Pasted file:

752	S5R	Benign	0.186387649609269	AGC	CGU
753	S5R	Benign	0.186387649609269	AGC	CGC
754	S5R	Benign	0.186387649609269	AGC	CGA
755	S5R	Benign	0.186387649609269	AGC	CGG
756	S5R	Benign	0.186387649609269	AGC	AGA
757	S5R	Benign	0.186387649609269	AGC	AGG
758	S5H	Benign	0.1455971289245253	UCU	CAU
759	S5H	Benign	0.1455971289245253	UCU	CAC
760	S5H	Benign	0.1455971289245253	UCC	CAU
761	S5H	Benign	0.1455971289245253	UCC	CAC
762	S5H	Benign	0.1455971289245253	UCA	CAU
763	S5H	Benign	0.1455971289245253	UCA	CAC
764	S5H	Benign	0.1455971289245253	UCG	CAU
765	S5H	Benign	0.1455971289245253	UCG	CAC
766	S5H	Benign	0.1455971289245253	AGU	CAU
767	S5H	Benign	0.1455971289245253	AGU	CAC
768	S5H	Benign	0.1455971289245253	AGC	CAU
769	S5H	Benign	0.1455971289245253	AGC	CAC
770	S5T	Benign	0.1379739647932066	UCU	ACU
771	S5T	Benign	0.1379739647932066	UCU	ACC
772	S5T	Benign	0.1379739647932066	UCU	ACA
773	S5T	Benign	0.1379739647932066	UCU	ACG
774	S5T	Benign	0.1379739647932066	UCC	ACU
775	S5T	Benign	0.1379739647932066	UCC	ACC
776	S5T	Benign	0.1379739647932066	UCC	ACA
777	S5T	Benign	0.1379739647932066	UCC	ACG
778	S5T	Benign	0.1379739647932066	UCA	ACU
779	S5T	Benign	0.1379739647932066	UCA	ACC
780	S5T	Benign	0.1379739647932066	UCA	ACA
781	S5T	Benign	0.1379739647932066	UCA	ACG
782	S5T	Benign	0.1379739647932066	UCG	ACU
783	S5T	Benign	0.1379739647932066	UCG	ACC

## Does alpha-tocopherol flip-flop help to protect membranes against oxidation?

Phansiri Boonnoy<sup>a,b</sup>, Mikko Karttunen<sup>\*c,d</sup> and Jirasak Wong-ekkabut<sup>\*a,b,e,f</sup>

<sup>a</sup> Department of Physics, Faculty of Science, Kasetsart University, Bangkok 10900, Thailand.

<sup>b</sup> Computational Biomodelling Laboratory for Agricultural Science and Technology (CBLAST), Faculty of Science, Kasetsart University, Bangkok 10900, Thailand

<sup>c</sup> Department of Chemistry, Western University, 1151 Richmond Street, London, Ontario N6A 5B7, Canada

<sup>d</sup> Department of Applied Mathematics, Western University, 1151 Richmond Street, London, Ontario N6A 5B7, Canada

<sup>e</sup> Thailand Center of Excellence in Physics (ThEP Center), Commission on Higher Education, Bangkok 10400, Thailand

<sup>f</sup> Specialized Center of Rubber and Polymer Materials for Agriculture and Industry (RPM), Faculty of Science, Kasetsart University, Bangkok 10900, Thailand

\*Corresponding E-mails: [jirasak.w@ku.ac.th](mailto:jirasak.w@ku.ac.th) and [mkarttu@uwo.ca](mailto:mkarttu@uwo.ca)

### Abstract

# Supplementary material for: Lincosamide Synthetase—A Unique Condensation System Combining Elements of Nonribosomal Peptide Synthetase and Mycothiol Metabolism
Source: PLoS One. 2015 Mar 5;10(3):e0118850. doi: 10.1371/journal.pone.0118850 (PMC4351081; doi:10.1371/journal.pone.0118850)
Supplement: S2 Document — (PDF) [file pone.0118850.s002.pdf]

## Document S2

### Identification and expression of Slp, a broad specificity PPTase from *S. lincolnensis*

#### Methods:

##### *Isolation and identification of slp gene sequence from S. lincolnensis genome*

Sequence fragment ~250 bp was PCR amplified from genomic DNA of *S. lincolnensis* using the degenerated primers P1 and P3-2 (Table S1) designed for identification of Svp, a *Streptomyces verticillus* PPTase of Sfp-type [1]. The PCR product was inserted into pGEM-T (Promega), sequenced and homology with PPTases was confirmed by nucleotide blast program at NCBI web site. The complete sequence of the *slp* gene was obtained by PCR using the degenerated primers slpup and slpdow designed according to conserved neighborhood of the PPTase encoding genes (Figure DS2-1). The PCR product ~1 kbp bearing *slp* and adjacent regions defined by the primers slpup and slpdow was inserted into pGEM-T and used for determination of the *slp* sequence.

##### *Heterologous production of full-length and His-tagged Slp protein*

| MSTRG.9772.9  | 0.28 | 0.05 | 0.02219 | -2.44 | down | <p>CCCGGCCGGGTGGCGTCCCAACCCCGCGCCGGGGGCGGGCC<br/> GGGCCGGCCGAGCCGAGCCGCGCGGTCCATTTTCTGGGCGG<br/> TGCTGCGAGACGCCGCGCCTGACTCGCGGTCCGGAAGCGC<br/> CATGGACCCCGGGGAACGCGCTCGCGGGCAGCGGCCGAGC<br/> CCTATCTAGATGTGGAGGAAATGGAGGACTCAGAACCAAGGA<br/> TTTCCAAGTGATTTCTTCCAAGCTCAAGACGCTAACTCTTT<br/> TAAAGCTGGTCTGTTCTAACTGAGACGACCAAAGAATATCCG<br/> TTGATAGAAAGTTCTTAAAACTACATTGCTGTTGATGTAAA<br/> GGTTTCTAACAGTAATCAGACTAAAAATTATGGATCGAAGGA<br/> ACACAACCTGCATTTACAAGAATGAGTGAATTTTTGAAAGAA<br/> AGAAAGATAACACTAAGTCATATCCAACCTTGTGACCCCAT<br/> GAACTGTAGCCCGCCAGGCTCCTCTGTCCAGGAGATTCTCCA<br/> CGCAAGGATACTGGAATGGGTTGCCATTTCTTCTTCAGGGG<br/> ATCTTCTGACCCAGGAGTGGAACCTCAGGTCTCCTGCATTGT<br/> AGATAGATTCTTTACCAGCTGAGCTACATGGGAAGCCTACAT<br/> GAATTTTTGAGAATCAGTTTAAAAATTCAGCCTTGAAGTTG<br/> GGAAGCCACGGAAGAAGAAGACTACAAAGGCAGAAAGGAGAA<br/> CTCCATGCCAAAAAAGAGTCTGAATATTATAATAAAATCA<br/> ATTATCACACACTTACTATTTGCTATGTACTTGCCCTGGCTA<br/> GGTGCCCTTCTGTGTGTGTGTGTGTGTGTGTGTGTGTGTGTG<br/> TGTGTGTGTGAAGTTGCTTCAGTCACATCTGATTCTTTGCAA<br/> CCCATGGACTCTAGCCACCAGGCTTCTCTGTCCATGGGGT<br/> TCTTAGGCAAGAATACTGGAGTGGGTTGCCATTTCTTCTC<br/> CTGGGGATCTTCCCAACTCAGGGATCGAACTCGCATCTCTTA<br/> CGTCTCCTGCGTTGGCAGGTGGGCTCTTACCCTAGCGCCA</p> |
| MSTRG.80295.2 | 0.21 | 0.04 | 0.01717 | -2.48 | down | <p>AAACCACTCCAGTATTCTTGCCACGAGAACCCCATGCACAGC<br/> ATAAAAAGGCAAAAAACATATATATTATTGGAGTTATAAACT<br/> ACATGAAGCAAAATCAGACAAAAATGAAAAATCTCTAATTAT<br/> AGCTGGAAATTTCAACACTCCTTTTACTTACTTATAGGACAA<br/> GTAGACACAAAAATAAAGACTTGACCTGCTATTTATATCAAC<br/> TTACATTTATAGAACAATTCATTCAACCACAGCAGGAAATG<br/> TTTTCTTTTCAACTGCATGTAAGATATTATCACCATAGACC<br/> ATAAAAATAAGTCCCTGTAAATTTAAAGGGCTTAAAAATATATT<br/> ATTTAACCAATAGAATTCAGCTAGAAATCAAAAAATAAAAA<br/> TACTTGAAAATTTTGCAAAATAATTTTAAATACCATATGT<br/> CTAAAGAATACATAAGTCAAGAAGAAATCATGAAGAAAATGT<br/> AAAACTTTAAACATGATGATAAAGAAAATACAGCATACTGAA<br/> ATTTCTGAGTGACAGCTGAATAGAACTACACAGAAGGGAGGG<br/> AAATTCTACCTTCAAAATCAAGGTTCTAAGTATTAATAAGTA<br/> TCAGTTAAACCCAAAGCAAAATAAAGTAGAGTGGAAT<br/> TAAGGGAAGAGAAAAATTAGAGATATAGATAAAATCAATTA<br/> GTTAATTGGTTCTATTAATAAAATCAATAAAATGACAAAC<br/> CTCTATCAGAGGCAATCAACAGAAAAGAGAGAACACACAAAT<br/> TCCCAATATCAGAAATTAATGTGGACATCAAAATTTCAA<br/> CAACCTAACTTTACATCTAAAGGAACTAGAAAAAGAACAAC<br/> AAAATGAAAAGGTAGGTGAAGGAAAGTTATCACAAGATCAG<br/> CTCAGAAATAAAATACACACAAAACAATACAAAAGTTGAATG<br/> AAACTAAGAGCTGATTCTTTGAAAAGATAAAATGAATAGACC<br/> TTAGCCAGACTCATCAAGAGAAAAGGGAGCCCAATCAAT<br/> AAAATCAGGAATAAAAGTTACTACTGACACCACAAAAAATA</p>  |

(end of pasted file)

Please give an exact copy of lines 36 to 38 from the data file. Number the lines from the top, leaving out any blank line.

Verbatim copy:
<sup>b</sup> Computational Biomodelling Laboratory for Agricultural Science and Technology (CBLAST), Faculty of Science, Kasetsart University, Bangkok 10900, Thailand

<sup>c</sup> Department of Chemistry, Western University, 1151 Richmond Street, London, Ontario N6A 5B7, Canada

<sup>d</sup> Department of Applied Mathematics, Western University, 1151 Richmond Street, London, Ontario N6A 5B7, Canada